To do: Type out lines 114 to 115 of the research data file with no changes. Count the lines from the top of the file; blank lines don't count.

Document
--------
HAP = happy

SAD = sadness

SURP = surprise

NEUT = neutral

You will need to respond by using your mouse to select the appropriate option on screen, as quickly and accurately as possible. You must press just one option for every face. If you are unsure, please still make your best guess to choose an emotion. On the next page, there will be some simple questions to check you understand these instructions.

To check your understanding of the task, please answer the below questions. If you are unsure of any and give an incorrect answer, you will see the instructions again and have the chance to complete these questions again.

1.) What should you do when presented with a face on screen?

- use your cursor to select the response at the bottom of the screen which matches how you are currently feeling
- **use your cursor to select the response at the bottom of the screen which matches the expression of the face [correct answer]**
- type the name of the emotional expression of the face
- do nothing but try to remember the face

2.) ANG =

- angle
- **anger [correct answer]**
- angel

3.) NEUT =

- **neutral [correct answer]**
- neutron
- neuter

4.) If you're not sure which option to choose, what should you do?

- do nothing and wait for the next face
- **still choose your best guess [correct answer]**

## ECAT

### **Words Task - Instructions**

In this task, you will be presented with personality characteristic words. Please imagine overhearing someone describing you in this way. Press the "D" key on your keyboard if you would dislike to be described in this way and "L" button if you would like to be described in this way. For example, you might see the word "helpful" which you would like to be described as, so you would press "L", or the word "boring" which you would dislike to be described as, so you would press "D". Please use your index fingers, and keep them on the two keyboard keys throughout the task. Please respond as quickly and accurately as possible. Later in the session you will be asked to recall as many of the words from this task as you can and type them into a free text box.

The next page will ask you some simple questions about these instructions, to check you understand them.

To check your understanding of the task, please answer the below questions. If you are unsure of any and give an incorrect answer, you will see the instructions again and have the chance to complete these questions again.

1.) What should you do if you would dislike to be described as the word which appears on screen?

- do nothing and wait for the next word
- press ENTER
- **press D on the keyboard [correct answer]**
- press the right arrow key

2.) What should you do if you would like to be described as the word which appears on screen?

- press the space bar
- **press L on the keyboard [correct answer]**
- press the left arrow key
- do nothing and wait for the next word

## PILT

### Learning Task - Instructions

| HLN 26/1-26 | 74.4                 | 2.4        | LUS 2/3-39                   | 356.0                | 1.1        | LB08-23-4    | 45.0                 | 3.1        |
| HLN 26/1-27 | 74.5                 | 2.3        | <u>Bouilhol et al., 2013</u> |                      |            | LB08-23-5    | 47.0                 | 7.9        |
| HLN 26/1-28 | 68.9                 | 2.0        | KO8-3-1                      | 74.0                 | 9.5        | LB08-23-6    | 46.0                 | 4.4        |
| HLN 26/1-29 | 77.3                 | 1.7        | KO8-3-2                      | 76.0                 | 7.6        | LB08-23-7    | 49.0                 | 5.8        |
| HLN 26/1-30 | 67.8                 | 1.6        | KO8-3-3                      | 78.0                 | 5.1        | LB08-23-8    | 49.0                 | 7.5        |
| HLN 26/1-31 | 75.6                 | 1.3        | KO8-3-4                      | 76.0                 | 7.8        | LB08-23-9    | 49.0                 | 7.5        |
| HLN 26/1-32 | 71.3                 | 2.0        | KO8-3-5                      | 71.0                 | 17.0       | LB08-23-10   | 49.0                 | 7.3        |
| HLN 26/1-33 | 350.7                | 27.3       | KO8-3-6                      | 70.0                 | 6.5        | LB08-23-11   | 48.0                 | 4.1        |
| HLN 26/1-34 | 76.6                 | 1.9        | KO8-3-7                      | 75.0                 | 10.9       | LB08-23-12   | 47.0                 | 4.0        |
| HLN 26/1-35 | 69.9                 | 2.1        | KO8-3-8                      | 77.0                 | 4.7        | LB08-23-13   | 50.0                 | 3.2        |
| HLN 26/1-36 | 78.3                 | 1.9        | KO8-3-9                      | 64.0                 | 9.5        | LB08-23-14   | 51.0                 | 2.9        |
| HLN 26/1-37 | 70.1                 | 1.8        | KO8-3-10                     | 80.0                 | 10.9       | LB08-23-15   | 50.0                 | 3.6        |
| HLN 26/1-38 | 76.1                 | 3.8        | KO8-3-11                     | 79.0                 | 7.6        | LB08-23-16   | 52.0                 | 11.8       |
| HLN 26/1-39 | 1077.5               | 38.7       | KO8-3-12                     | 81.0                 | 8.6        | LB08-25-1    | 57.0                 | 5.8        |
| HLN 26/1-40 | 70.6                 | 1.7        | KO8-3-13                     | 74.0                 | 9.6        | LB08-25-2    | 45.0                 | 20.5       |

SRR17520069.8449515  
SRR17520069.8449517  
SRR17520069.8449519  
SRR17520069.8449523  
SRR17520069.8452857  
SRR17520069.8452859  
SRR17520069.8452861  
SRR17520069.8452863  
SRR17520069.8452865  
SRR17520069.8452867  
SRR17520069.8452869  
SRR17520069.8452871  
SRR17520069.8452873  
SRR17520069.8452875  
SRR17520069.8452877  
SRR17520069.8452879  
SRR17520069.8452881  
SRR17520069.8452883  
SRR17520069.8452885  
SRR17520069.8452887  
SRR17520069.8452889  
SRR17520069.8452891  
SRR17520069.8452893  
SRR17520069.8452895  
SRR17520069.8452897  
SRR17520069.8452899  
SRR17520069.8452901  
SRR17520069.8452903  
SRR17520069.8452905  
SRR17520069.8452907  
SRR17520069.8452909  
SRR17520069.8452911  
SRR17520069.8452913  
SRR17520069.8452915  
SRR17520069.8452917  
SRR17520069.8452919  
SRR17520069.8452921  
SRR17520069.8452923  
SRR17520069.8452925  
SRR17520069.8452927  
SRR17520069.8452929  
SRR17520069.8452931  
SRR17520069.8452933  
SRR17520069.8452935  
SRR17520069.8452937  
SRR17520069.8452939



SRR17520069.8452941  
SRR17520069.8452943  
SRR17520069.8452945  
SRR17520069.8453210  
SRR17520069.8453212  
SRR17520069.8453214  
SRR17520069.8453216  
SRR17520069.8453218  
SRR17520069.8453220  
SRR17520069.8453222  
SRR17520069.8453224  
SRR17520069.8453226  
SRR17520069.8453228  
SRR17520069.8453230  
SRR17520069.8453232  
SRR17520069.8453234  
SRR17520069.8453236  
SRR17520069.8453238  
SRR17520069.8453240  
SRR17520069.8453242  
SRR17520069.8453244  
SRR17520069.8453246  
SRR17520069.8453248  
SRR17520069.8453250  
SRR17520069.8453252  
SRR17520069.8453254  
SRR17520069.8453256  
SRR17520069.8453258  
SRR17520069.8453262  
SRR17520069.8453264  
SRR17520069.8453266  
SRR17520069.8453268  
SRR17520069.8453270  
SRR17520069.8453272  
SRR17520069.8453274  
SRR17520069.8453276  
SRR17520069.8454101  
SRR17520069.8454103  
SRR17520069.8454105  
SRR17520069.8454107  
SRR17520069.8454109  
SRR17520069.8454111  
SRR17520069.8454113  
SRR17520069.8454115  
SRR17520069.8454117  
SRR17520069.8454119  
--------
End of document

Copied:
SRR17520069.8453230  
SRR17520069.8453232  